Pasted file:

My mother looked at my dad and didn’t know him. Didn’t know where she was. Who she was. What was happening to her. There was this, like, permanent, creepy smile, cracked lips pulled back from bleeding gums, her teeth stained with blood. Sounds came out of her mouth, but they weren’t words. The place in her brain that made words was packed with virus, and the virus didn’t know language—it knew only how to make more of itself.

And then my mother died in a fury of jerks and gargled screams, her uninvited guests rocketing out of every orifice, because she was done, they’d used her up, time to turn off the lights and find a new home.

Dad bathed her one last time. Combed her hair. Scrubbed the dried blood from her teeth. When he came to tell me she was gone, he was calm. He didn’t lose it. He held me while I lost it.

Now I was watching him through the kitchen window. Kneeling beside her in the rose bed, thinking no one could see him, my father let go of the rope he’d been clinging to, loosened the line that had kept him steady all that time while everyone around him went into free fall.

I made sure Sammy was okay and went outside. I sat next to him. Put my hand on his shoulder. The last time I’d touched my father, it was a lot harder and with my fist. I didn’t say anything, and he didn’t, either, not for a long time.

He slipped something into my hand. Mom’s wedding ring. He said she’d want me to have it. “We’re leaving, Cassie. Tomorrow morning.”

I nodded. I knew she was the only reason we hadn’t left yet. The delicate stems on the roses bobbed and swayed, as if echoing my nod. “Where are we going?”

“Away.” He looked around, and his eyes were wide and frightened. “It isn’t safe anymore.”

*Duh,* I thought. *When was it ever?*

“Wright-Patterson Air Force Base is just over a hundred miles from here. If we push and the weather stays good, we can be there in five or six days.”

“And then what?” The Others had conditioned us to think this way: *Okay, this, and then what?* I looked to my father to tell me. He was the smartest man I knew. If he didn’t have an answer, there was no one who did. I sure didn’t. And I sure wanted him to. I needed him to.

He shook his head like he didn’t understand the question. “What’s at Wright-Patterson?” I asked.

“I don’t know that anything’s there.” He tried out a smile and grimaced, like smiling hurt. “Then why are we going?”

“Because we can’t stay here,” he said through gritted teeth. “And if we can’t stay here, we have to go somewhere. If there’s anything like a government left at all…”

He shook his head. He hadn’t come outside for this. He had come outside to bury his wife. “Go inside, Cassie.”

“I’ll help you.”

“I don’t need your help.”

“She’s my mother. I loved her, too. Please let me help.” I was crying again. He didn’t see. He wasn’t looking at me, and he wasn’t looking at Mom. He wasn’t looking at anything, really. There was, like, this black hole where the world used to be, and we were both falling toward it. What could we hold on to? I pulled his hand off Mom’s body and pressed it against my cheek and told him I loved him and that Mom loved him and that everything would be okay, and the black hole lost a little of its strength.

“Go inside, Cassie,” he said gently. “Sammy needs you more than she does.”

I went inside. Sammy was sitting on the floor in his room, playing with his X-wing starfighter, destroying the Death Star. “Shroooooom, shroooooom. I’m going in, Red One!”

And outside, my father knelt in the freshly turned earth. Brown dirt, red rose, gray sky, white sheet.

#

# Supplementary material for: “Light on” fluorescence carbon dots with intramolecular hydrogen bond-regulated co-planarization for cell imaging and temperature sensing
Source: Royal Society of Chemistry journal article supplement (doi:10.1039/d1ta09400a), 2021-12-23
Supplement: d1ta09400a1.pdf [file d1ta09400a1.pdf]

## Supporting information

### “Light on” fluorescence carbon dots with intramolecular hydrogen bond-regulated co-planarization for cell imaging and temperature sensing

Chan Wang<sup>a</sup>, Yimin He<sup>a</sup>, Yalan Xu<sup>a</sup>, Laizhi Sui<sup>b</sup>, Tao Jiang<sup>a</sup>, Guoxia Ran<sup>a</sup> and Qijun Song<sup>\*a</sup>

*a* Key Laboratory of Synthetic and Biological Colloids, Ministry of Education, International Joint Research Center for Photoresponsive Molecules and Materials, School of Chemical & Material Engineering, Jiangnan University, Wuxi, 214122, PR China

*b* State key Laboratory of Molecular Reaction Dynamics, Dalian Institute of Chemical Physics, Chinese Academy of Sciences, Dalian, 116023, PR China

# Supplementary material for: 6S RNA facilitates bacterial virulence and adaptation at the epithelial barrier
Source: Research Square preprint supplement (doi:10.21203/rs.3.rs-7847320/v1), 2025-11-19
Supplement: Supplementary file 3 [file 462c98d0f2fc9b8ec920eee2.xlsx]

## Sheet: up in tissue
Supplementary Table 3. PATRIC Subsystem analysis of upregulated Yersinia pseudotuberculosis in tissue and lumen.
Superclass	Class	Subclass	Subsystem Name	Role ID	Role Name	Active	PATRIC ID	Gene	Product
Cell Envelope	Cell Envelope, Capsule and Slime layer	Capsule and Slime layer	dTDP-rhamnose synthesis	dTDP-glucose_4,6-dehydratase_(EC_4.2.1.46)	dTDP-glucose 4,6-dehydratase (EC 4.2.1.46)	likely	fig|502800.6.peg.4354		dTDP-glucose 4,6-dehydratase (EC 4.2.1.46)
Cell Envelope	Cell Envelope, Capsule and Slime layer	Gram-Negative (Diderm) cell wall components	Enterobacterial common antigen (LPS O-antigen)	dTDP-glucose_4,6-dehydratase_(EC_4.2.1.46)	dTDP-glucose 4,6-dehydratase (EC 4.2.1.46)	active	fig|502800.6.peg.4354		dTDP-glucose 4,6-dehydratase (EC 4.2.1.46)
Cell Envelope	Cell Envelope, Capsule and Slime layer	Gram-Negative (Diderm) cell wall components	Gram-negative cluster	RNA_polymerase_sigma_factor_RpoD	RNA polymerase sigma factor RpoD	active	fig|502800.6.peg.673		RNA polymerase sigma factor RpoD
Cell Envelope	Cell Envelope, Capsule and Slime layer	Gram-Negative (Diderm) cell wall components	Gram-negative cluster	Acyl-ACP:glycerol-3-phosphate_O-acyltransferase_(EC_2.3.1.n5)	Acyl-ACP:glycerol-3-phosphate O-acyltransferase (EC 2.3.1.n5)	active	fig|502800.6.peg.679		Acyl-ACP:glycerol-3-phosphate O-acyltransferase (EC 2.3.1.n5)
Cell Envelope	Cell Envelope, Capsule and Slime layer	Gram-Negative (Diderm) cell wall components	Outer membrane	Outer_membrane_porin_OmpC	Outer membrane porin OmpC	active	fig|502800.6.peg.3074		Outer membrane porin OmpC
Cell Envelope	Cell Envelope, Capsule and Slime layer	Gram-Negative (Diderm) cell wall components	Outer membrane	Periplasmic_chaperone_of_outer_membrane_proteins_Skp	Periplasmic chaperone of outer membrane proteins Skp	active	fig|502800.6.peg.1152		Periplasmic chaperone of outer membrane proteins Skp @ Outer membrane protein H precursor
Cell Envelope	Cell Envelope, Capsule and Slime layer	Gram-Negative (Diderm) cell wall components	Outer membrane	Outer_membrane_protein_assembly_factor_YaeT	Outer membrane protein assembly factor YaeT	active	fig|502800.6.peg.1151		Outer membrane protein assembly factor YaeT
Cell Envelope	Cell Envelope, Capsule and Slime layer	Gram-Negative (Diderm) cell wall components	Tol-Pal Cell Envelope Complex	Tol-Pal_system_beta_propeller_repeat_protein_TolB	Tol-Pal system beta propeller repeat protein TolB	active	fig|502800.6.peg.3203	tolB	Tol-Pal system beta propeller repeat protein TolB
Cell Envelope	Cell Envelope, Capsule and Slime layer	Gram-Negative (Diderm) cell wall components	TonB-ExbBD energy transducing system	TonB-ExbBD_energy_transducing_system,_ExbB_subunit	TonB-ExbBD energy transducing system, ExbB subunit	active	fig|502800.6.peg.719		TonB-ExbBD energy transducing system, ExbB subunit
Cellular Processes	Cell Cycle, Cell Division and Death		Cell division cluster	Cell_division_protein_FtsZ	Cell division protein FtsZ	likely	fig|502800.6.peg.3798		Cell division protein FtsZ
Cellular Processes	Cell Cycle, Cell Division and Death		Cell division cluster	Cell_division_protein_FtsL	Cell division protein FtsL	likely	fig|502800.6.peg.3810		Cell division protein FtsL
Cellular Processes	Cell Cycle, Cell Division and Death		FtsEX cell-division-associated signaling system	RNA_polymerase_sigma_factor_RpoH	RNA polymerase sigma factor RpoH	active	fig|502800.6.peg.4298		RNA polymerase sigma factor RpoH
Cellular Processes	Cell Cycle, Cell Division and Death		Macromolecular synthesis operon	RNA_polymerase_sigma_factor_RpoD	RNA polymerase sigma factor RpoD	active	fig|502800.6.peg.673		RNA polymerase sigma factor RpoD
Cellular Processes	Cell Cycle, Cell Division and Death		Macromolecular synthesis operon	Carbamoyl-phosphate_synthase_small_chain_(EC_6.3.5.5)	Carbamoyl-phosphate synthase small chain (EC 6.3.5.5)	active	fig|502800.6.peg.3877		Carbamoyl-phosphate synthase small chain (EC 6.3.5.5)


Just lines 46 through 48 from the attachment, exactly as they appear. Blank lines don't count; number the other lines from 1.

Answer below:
Cellular Processes	Cell Cycle, Cell Division and Death		Cell division cluster	Cell_division_protein_FtsZ	Cell division protein FtsZ	likely	fig|502800.6.peg.3798		Cell division protein FtsZ
Cellular Processes	Cell Cycle, Cell Division and Death		Cell division cluster	Cell_division_protein_FtsL	Cell division protein FtsL	likely	fig|502800.6.peg.3810		Cell division protein FtsL
Cellular Processes	Cell Cycle, Cell Division and Death		FtsEX cell-division-associated signaling system	RNA_polymerase_sigma_factor_RpoH	RNA polymerase sigma factor RpoH	active	fig|502800.6.peg.4298		RNA polymerase sigma factor RpoH